Low in B12? A 3-ounce serving of this fish will fix you up

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One of my favorite summer suppers involves the delicious and mighty blue mussel. Inexpensive to buy and quick and easy to cook, I love making a meal out of a plate of steamed mussels.

Before I get into the nutritional profile of these bivalves, it’s important for you to know that mussels are one of the most sustainable forms of seafood you can find. While I normally tell you not to buy farmed fish, in the case of mussels, the “buy wild” rule doesn’t apply.

That’s because mussels are farmed in a very sustainable manner. The farmer doesn’t need to interfere with nature at all to grow and harvest mussels. Mussels grow on special ropes that the farmer puts in the water during the spawning season. These little guys would naturally grow along the bottom of the sea or on a rock if the farmer didn’t set down those ropes.

After the mussels grow large enough, the farmer puts them in mesh sleeves or “socks” and returns them to the water where they feed on their natural diet in their natural habitat. When they’ve reached maturity, the mussels are harvested. The farming of mussels leaves zero environmental footprint.

Most of our cultivated mussels in the US come from New England and in Canada, Prince Edward Island is the nation’s leading mussel producer. In fact, you see PEI blue mussels on restaurant menus all over North America.

Now, what do mussels have going for them in the nutrition department? Let’s take a look at the highlights:

Protein. Mussels are extremely high in protein. A 1-pound serving of mussels contains the same amount of protein as a 6-ounce steak.

Iron. A serving of mussels provides you with 22% of your daily required amount of iron.

B12. A single 3-ounce serving of mussels provides you with a whopping 20.4 mg of Vitamin B12. Three times the amount your body requires per day.

Low in fat and calories, mussels are an excellent source of amino acids, antioxidants, and omega-e fatty acids. They contain healthy amounts of vitamin C, selenium, zinc, manganese, phosphorous, riboflavin, thiamine, and folate.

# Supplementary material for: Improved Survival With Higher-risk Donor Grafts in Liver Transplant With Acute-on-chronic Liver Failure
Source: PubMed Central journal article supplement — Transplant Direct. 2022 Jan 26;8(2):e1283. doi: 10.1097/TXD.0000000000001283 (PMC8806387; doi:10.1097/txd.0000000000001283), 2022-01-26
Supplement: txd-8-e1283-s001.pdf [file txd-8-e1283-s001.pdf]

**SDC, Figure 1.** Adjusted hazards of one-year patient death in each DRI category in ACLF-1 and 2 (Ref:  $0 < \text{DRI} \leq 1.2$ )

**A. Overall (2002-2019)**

The most common varieties of mussels you’ll find in North America are the blue mussel and the larger Mediterranean mussel. Blue mussels are the tastiest of the two varieties, so look for those.

To cook mussels, you simply need to place them in a stockpot with about an inch of liquid (white wine or beer work well) and steam them until they open. Discard any mussels whose shells didn’t open during the cooking process. Those guys were dead so you don’t want to eat them.

What a great way to switch things up on the summer dinner table by serving delicious and nutritious mussels.

0 Responses

  1. you steam them you can serve them in tomatoes sauce with Italian herbs.or marinara sauce. on a bed of pasta.

  2. I love mussels, but I’ve grown up in Europe with an old rule that says to never eat mussels in a month without an “R” in it (so no mussels from May through August). It is not so bad now that there are functioning cold chains everywhere, but the rule still applies: In the summer months, algae bloom and build biotoxines, and algae is what mussels feed on (the toxines in the mussels seem to remain below the critical values, but I had rather eat no toxines than few). Also, mussels spawn in the summer and are less tasty and rather meager at this time.

  3. In the Philippines I learned to steam them in water seasoned with slices of fresh ginger and garlic. Yummy!!

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